India’s water sector faces major challenges as the country’s population continues to grow at an exponential rate, simultaneously pushing up both pollution levels and demand for clean water.
OnFrontiers spoke with Head of Civil Engineering at Manipal University in Jaipur, Anil Dutt Vyas, about the problems facing India’s water sector. Vyas is a water, sanitation and hygiene (WASH) specialist with 15+ years of experience consulting on water and sanitation management initiatives for UNICEF, USAID/OFDA, ICF International and the Asian Development Bank.
Clean water shortages
Vyas explains that a lack of opportunity in rural areas has triggered mass migration to urban centers across the country, resulting in rising pollution levels and competition for resources. The country’s urban poor are most severely affected, Vyas says, residing in slums that lack legal connections to water systems, inhabitants are forced to get water from unsafe, unreliable sources.
To compound the problem, the current drought in India has put an added strain on an already inadequate system. This year’s monsoon season, which will begin in June, will be crucial.
But even if this year’s rainfall is abundant, Vyas explains, issues related to system management persist. Practices for rainwater collection – India’s primary source for clean water – are in need of better management and regulation. The country’s systems for collection, storage and purification are presently inadequate.
The process for moving water from groundwater recharging systems to utilities is wrought with issues including leakages and illegal connections. Such losses have amounted to a failure to supply the majority of the Indian population with access to the 135 litres per capita per day prescribed by the government of India as the minimum amount required for survival.
Opportunities for improvement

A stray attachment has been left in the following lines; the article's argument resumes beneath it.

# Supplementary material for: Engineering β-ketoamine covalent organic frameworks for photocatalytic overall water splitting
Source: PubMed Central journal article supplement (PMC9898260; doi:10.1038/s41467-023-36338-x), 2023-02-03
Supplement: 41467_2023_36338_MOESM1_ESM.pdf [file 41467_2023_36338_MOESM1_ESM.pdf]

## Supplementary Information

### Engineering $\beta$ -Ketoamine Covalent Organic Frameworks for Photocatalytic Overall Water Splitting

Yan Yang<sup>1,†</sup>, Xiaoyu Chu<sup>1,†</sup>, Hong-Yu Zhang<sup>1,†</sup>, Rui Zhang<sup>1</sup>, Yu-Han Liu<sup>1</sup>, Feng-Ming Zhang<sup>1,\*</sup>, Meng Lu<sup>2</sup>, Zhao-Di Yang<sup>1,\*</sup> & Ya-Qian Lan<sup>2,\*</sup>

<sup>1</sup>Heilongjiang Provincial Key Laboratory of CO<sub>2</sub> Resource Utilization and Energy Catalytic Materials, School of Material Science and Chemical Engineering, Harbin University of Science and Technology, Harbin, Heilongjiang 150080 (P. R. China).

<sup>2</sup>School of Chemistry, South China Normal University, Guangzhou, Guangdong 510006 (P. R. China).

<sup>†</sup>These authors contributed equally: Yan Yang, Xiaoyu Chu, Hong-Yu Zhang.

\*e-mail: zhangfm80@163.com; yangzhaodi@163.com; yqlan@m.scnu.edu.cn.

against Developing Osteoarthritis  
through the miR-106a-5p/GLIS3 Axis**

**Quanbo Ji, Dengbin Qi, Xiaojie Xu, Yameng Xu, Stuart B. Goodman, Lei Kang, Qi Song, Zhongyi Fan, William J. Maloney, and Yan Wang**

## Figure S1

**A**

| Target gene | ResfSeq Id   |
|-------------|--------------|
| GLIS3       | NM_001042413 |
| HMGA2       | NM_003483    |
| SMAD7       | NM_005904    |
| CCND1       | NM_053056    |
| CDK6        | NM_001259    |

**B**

Despite current challenges, Vyas remains optimistic about the outlook for overall systemic improvement within the next 5-10 years. Vyas says India’s new Prime Minister Narendra Modi has demonstrated a commitment to addressing issues inherent in the country’s water sector through budget reallocations that have increased resources available to the water sector by 168%.
Opportunities for private sector operators exist, but the problem of maintenance in the long term arises. If you build a reservoir, explains Vyas, communities cannot maintain it themselves. Instead, they will rely on the government to do so.
Multilateral agencies working to address water treatment and distribution problems are also present in the industry. But Vyas notes that these types of interventions tend to operate on a larger scale, serving big towns with populations of 5-10 million. Smaller communities are thus overlooked.
The substantial room for improvement to India’s water utility translates into vast opportunity for public and private actors alike, as well as for collaboration between the two.
About the OnFrontiers Expert consulted for this article:
Anil Dutt Vyas is Head of Civil Engineering at Manipal University in Jaipur. Prior to this he served a WASH specialist and WASH consultant for UNICEF , USAID, and the International Medical Corps, respectively. To speak with Anil or similar experts, contact us at firstname.lastname@example.org.
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